In Exciting Holiness, it is recalled that Saint Nicholas was a fourth century Bishop of Myra in Asia Minor, now southern Turkey. His reputation as a worker of wonders was enhanced by a ninth century author of his hagiography or his biography as a saint, and it is through these stories that he became best known.

Many of these stories concern his love and his care for children, how he fed the hungry, healed the sick and cared for the oppressed. He saved three girls from a life of prostitution by providing them with dowries – and so developed the tradition of bearing gifts to children on his feast day, a practice that we have since moved to the Christmas celebrations.

Another story about Saint Nicholas is set in the year 325, when the Emperor Constantine called the Council of Nicaea, the first ecumenical council of the Church. More than 300 bishops throughout the Christian world attended and debated the nature of the Holy Trinity. It was one of the most intense theological questions for the early Church.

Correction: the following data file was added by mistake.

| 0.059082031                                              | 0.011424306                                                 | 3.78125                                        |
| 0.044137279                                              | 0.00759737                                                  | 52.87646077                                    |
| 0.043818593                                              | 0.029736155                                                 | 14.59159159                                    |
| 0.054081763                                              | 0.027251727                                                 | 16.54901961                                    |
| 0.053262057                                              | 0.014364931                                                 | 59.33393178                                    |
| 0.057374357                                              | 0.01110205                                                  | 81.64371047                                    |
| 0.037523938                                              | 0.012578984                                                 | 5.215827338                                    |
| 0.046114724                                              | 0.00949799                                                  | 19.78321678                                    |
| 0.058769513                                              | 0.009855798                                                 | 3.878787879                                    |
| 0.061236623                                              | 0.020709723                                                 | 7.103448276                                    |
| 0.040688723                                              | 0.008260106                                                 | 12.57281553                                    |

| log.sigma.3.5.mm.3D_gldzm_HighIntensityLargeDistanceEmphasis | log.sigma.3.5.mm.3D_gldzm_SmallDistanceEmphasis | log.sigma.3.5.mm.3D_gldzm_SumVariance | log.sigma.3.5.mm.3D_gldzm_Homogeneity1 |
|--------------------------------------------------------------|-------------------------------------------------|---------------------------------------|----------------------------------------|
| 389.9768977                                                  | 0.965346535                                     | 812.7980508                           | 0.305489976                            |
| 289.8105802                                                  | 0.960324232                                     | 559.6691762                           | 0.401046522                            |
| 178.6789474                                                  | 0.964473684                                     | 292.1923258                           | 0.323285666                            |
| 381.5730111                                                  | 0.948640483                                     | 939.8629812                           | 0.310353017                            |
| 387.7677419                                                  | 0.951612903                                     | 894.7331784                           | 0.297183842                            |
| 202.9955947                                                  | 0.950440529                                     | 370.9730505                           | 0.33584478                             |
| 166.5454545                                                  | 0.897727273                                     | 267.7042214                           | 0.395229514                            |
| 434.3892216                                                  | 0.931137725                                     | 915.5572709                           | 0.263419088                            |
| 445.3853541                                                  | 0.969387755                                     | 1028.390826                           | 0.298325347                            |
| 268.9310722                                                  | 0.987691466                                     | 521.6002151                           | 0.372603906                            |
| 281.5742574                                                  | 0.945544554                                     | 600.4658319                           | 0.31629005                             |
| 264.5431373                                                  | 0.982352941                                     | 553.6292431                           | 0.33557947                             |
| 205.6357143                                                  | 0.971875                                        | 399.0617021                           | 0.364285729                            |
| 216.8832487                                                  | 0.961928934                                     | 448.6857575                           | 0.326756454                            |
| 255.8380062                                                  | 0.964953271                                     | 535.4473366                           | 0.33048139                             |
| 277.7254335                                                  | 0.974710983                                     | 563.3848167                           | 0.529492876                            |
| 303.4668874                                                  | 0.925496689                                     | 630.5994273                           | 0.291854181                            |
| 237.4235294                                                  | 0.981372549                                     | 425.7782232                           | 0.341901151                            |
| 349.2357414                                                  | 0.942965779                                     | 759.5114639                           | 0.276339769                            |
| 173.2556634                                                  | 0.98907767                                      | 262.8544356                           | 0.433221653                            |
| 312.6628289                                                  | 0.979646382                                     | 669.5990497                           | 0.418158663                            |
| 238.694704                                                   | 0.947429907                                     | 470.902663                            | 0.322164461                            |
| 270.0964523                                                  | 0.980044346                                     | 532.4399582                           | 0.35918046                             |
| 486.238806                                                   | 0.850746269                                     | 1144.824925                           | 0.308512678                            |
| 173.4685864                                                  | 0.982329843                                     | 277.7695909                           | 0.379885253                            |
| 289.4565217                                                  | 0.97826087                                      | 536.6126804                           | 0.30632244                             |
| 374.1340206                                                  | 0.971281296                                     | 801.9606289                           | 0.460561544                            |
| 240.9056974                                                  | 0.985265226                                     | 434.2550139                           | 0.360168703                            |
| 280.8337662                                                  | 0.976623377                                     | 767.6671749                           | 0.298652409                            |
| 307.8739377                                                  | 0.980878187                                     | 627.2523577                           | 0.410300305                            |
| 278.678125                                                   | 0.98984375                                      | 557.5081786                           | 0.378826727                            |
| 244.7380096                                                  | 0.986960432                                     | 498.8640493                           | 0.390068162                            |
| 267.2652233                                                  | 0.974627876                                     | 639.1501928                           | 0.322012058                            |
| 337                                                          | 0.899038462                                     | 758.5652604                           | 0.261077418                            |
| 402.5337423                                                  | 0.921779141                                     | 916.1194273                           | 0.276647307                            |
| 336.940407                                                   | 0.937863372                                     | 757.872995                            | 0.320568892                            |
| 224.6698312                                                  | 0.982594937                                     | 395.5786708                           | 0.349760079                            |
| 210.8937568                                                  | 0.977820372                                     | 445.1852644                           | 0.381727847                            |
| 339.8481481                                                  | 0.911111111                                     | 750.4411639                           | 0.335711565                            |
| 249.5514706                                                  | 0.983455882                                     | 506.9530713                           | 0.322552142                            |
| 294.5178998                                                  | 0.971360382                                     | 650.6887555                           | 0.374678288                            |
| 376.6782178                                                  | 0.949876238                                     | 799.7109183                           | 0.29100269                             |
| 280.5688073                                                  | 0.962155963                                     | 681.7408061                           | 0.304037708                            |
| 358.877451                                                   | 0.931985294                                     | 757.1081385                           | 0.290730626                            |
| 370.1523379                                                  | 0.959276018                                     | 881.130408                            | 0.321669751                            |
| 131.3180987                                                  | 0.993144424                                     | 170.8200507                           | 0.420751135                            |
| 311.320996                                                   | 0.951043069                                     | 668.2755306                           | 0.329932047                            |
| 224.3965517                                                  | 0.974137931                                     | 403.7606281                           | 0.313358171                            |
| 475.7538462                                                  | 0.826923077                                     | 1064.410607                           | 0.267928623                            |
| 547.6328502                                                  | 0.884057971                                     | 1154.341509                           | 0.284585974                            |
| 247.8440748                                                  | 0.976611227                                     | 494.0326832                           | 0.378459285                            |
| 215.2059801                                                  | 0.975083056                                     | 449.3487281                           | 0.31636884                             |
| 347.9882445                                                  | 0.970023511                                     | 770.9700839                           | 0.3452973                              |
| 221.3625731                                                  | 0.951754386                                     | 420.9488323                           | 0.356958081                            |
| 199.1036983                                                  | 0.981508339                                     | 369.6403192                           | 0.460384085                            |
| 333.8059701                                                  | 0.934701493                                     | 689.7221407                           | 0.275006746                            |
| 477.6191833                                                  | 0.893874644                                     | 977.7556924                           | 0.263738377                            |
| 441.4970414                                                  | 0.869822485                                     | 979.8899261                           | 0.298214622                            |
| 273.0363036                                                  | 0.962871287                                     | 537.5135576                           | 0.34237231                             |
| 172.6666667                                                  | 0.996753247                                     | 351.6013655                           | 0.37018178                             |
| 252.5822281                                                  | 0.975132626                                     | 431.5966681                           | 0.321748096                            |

Arius, a priest from Alexandria in Egypt, was teaching that Jesus was the Son of God, but not God incarnate and not equal in divinity to God the Father, similar to God, but not the same as God. Arius forcefully argued his position at length, and the bishops listened respectfully.

But, as Arius pushed his contentious views, Saint Nicholas, who was present as Bishop of Myra, became more and more agitated. Obviously, Arius was on his naughty list rather than his nice list.

Finally, Nicholas could no longer stand it that what he believed was essential to the faith was being attacked.

The enraged Nicholas stood up, crossed the room, and slapped Arius across the face! The mediaeval accounts have Nicholas slapping – not punching – the heretic. The stories use the word ράπισμα for a medicinal slap or a rebuke, an attempt to ‘slap him back to his senses’ rather than an expression of contempt or wilful intention to harm.